An NRI couple is living a nightmare in Norway as they continue to fight the battle to get their children back from the Norwegian government.
Two young children of Anurup and Sagarika Bhattacharya, were taken under protective care by a childcare agency and placed in foster care in May last year.
Anurup is a geoscientist and has been working in working in Norway since 2007. Norwegian Child Welfare Services took the custody of the children on grounds that the couple failed to care for them.
The matter went to court, which decided that the children will be placed in separate foster homes till they are 18. The parents are allowed to meet them only twice in a year for one hour at a time.
It is unclear on what grounds were the children taken away from the Indian couple by the Norway authorities. The couple cite cultural differences.
“They told me why are you sleeping with the children in the same bed. This is also a purely cultural issue. We never leave the children in another room and say goodnight to them,” says Anurup Bhattacharya.
Norway’s Child Protective Service, Called Barnevern, protects the rights of children living in a difficult family situation.
In the meantime, India has conveyed its “serious concerns” to Norway over separation of two children, Avigyan (3) and Aiswarya (1), from their Indian parents and insisted that the kids should be allowed to return with the couple in case they decide to come back home.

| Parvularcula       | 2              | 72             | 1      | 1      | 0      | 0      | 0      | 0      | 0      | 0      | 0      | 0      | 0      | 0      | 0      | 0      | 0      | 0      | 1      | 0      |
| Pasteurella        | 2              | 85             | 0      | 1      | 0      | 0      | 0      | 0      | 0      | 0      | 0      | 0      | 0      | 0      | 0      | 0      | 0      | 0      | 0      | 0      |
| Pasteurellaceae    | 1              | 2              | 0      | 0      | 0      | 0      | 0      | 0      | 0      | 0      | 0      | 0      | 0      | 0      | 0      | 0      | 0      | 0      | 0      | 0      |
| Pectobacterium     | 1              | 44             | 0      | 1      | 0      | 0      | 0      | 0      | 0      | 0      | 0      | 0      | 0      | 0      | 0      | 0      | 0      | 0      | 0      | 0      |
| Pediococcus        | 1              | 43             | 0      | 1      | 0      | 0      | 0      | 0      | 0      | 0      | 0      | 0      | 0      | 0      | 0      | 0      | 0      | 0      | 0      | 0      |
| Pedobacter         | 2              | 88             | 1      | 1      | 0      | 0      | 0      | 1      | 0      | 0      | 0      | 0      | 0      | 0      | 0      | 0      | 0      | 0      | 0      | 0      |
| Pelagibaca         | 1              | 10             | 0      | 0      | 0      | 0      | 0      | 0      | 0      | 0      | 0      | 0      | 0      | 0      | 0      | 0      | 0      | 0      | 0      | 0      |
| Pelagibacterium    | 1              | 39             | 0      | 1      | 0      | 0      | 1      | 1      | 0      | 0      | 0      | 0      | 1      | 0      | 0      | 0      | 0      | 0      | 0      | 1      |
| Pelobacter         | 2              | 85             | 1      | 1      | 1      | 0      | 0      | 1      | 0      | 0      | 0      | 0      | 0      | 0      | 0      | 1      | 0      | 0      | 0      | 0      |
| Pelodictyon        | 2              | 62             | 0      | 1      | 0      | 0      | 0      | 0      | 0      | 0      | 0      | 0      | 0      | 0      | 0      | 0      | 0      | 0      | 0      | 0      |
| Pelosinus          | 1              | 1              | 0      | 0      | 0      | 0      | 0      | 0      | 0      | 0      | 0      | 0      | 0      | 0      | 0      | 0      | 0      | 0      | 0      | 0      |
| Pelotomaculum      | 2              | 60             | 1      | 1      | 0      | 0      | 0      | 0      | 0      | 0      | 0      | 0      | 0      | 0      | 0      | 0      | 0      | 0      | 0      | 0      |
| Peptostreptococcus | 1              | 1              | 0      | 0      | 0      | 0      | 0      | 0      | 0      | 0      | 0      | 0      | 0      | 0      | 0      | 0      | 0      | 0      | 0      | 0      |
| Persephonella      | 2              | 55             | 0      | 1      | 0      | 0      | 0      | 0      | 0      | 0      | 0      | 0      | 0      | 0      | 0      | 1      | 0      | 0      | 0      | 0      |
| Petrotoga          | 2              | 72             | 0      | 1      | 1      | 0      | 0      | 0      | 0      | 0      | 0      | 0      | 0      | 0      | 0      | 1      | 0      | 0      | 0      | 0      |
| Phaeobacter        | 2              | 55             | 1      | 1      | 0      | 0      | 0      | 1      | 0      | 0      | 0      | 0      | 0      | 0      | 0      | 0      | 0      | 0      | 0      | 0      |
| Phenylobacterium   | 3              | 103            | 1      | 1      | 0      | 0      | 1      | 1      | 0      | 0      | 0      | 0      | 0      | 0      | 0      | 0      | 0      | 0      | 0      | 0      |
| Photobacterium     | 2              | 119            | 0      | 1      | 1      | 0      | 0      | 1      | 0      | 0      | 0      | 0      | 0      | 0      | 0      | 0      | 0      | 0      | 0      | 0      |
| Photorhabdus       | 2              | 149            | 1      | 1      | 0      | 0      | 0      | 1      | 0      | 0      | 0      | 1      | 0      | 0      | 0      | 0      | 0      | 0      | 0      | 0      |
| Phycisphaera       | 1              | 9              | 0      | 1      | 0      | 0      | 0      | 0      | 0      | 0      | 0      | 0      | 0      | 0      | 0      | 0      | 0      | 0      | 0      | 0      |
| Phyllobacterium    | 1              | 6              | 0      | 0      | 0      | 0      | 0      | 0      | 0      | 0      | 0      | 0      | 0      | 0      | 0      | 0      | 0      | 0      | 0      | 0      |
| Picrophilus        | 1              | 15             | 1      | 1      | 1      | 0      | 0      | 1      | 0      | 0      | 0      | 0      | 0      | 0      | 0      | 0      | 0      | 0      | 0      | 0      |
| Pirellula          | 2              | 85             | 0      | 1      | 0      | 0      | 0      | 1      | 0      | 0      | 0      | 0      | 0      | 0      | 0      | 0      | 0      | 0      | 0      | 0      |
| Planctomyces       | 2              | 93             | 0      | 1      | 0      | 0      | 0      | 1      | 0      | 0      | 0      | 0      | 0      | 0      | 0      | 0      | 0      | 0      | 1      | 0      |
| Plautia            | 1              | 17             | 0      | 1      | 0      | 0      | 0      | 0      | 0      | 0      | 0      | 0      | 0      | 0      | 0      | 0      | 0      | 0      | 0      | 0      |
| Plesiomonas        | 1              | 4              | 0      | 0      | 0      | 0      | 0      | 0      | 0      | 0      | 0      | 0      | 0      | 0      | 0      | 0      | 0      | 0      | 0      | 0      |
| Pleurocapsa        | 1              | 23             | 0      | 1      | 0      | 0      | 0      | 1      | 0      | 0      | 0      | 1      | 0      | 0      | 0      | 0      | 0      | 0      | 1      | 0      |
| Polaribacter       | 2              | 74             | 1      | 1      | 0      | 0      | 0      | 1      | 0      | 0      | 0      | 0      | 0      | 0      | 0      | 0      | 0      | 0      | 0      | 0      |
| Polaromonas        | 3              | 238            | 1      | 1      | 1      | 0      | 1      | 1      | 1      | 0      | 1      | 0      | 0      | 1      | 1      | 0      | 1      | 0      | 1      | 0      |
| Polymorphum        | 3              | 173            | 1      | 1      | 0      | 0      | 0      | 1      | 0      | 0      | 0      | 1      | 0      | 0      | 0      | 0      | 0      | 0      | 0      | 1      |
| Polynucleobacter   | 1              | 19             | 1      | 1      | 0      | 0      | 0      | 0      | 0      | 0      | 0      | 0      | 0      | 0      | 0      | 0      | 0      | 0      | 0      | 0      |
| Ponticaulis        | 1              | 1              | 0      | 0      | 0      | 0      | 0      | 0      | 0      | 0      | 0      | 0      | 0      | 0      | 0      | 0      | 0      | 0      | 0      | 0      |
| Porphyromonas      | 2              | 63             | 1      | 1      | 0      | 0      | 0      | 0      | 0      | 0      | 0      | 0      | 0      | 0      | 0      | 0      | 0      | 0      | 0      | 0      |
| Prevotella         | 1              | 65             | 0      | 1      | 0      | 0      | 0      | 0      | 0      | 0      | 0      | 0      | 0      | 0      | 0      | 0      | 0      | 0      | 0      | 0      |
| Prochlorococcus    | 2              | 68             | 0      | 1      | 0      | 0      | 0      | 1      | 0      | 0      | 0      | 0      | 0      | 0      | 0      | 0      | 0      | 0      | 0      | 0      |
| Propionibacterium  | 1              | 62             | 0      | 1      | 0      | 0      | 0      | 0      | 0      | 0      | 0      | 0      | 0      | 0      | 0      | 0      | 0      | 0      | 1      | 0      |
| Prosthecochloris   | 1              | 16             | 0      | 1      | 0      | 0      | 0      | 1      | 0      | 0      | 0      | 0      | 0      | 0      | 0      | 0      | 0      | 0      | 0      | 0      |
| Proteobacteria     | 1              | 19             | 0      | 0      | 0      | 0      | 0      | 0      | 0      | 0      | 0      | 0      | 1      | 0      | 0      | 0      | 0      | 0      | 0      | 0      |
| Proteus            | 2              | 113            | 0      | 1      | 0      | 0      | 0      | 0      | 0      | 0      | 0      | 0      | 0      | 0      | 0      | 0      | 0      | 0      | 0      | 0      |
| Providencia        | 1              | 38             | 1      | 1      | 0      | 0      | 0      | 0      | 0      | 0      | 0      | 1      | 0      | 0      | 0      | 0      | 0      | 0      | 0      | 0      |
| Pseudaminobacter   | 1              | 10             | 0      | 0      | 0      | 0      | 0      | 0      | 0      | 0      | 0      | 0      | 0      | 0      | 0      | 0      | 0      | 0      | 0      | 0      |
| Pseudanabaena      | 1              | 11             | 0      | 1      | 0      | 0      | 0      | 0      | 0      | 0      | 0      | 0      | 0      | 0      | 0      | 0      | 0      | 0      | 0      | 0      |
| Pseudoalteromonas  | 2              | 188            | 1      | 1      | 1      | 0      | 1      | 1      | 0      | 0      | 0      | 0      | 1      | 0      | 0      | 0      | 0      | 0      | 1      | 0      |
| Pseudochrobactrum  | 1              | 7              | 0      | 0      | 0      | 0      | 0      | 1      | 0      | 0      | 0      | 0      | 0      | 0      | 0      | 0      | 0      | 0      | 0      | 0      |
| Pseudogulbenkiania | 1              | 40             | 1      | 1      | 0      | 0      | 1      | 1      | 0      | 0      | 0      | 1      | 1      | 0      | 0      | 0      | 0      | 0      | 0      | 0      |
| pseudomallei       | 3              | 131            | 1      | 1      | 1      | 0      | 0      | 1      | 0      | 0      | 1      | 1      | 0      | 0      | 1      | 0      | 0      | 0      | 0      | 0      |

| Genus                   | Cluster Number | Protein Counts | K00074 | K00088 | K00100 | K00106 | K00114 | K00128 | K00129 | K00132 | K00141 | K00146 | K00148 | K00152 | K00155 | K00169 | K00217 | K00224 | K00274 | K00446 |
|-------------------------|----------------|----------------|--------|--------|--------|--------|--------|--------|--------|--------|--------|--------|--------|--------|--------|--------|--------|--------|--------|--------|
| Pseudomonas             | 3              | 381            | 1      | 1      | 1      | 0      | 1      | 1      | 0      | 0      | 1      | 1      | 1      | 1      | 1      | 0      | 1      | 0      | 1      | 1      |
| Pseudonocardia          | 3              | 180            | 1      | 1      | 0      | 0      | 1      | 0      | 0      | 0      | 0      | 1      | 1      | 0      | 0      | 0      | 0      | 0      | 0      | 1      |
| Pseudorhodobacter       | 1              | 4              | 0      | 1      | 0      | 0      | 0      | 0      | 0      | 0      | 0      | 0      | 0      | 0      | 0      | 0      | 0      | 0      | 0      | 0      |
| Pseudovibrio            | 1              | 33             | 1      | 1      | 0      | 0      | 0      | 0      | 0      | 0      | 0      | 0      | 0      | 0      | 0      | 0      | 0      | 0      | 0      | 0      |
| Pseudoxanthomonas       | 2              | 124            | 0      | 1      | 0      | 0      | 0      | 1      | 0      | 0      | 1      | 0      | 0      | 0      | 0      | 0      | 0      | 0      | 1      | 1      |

The Indian embassy in Oslo has pursued the matter with the Norwegian foreign ministry, while the Norwegian embassy in New Delhi received a similar request from India’s external affairs ministry.
India’s serious concerns were conveyed regarding the need to take into account social and cultural traditions of the country to which the parents and the children belong before taking a decision to separate the children from the parents.
“It was also emphasised that if the parents decide to return to India then the children should be allowed to return with them as there could be no doubt that it would be in the long-term interest of the two young Indian children as they would be brought up in the loving care of their extended family in India,” the statement said.
As the children were Indian nationals, the Embassy has sought access to them to check on their welfare.
The chidlren’s visas expire in February. They said the couple fear that their children would not be allowed to return with them.
When Anurup visited the childcare agency along with his lawyer, he was asked to submit his passport along with the passports of his children. “They told me that it was my responsibility to get the visa of my children extended. Then I told them that I would prefer to return to India along with my children and so, I am not keen on extending my visa. The officials then tried to force me to submit the passports,” Anurup alleged.
Anurup now suffers from a rare disease called haemochromatosis, because of which his body is producing excess iron. “Almost every week, a litre of blood needs to be removed from my body to reduce the iron level to normal,” Anurup said.